President Bush Calls for Cap on Medical Malpractice Awards in Arkansas Speech
Speaking at a political stop at Baptist Health Medical Center in Little Rock, Ark., on Monday, President Bush called for a cap on medical malpractice awards, saying that costs associated with "frivolous" medical malpractice lawsuits are driving up physicians' liability premiums, forcing many to practice defensive medicine or abandon their practices, the Arkansas Democrat-Gazette reports (Smith/Oman, Arkansas Democrat-Gazette, 1/27). Bush added that "junk" lawsuits increase costs to taxpayers by increasing government health care costs by $28 billion each year, but he did not "define precisely" what would constitute a lawsuit without merit, the AP/Boston Globe reports (AP/Boston Globe, 1/26). "The health care system looks like a giant lottery, ... and somehow the trial lawyers always hold the winning ticket," Bush said (Sherman, AP/Las Vegas Sun, 1/26). The president is working to revive a bill to institute a cap that the House approved last year but was stalled in the Senate. The legislation would have capped at $250,000 noneconomic damages in medical malpractice cases and would have limited punitive damages to $250,000 or twice the patient's actual financial loss, whichever is higher. The bill also would have limited lawyers' fees and the amount of time patients have to file a medical malpractice lawsuit. Bush's effort is part of a five-part plan for confronting the issue of the uninsured that he outlined in his State of the Union address last week (California Healthline, 1/26).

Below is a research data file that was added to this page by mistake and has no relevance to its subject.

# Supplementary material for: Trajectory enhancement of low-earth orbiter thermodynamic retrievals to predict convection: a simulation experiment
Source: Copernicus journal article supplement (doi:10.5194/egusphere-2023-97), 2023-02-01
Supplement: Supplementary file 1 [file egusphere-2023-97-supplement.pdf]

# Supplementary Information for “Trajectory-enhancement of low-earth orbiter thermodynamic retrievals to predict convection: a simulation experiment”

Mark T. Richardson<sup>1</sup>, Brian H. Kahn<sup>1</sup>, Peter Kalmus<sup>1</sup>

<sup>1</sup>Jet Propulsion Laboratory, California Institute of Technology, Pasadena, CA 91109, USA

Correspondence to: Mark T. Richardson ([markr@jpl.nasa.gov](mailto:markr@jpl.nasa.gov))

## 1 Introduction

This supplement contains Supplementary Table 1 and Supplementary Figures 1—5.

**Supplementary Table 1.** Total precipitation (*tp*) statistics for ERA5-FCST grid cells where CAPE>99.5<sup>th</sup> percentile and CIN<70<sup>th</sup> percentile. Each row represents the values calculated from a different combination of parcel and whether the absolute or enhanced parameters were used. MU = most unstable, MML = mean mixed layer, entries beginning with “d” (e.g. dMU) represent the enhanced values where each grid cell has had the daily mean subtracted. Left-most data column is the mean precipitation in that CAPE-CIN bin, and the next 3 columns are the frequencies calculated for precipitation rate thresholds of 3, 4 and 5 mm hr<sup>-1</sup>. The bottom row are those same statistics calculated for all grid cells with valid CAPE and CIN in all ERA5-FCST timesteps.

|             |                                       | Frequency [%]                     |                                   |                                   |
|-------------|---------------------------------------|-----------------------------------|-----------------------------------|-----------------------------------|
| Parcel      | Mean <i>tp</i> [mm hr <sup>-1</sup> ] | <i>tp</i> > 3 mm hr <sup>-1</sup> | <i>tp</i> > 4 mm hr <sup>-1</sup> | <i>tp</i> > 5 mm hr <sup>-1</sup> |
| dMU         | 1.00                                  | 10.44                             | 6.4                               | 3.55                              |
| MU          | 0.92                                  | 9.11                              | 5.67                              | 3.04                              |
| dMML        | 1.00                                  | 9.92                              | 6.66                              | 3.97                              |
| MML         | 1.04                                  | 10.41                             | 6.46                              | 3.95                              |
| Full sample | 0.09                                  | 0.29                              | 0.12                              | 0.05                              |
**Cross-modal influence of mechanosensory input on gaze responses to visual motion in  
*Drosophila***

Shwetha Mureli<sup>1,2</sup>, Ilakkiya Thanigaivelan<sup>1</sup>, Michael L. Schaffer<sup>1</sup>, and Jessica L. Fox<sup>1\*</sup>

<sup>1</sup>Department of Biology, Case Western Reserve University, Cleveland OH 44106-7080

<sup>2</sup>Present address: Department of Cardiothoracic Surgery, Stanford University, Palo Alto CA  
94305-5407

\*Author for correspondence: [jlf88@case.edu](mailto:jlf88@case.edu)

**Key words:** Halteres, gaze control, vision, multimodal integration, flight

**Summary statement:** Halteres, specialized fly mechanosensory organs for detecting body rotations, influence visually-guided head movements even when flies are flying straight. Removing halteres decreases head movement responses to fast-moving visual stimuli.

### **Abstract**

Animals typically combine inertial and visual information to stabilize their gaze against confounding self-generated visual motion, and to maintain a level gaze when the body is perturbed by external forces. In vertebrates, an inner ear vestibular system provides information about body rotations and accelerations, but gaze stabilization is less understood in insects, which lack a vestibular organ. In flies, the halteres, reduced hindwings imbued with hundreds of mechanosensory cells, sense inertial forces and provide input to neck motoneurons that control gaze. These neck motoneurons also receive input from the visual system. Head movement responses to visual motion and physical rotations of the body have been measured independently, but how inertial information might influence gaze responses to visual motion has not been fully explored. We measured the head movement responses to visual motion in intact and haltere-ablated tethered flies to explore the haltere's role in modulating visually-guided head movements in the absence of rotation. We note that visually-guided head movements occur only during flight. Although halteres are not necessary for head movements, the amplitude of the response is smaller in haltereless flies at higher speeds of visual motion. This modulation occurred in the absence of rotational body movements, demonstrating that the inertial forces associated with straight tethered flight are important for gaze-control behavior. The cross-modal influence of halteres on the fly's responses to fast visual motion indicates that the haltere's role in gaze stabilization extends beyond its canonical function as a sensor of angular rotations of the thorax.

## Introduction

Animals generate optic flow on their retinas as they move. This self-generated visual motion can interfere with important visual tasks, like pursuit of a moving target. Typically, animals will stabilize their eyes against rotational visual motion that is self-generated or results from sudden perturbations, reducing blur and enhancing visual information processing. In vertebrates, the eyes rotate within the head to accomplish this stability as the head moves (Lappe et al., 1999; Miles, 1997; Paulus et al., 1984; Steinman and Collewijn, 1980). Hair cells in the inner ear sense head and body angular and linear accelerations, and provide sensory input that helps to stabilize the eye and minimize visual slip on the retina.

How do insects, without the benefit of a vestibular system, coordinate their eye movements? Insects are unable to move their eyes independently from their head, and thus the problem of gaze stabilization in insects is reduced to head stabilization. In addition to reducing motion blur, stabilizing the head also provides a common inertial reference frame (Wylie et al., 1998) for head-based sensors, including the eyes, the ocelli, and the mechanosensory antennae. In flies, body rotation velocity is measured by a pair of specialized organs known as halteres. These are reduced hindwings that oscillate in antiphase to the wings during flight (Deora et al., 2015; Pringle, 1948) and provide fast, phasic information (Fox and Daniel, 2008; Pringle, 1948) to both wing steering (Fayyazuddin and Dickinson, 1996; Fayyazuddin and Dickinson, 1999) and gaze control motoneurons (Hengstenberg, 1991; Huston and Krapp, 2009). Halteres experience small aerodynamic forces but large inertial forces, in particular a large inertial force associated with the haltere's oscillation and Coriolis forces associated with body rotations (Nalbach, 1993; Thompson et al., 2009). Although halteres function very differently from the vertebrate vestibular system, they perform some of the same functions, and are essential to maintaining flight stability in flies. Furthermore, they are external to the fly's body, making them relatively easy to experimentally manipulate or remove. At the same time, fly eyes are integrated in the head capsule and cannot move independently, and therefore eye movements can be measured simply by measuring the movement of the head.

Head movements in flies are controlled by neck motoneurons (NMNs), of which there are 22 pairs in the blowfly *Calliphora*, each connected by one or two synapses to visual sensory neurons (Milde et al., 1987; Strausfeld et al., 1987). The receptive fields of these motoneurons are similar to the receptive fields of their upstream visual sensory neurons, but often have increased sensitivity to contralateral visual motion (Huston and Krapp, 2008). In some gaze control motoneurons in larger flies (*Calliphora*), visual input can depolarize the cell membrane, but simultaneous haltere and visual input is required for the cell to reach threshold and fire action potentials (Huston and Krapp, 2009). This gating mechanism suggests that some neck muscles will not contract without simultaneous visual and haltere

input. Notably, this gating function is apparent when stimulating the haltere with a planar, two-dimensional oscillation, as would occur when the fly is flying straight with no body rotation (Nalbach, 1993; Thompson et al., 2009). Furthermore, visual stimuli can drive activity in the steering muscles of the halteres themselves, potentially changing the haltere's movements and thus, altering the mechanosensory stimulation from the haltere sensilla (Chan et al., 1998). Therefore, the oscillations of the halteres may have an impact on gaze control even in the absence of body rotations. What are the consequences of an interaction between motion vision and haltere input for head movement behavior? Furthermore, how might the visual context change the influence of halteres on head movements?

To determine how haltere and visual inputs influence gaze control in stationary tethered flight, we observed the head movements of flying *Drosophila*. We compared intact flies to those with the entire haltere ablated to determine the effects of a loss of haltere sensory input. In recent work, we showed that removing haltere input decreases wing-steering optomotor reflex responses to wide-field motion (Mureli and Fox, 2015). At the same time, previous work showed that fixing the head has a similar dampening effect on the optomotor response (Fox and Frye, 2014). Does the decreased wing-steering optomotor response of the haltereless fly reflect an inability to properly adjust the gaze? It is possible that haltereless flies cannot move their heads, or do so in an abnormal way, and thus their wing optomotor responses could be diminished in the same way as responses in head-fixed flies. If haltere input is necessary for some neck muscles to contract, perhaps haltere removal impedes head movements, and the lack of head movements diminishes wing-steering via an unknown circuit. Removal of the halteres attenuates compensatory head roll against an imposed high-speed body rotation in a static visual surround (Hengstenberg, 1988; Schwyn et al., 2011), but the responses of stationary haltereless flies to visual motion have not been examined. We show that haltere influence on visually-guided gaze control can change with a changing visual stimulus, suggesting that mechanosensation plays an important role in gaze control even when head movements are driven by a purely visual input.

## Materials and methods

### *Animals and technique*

In a prepared statement, the American Medical Association praised Bush's renewed effort, saying that the United States' "broken liability system is severely jeopardizing patients' access to care" (AP/Boston Globe, 1/26). However, Rep. Vic Snyder (D-Ark.) said that he is "concern[ed]" about Bush's plan because it "federalizes what has always been the right and responsibility of state legislatures to resolve," adding that it "is usually a mistake to comprehensively preempt state laws passed by state legislatures." Sen. Blanche Lincoln (D-Ark.) said that she agrees with Bush on the need for tort reform measures, "but only as part of a broader effort to lower health care costs," the Democrat-Gazette reports. Lincoln said that capping noneconomic damages could help reduce health care costs and improve access to care, but she added that "it's not the be-all, end-all solution" (Arkansas Democrat-Gazette, 1/27).This is part of the California Healthline Daily Edition, a summary of health policy coverage from major news organizations. Sign up for an email subscription.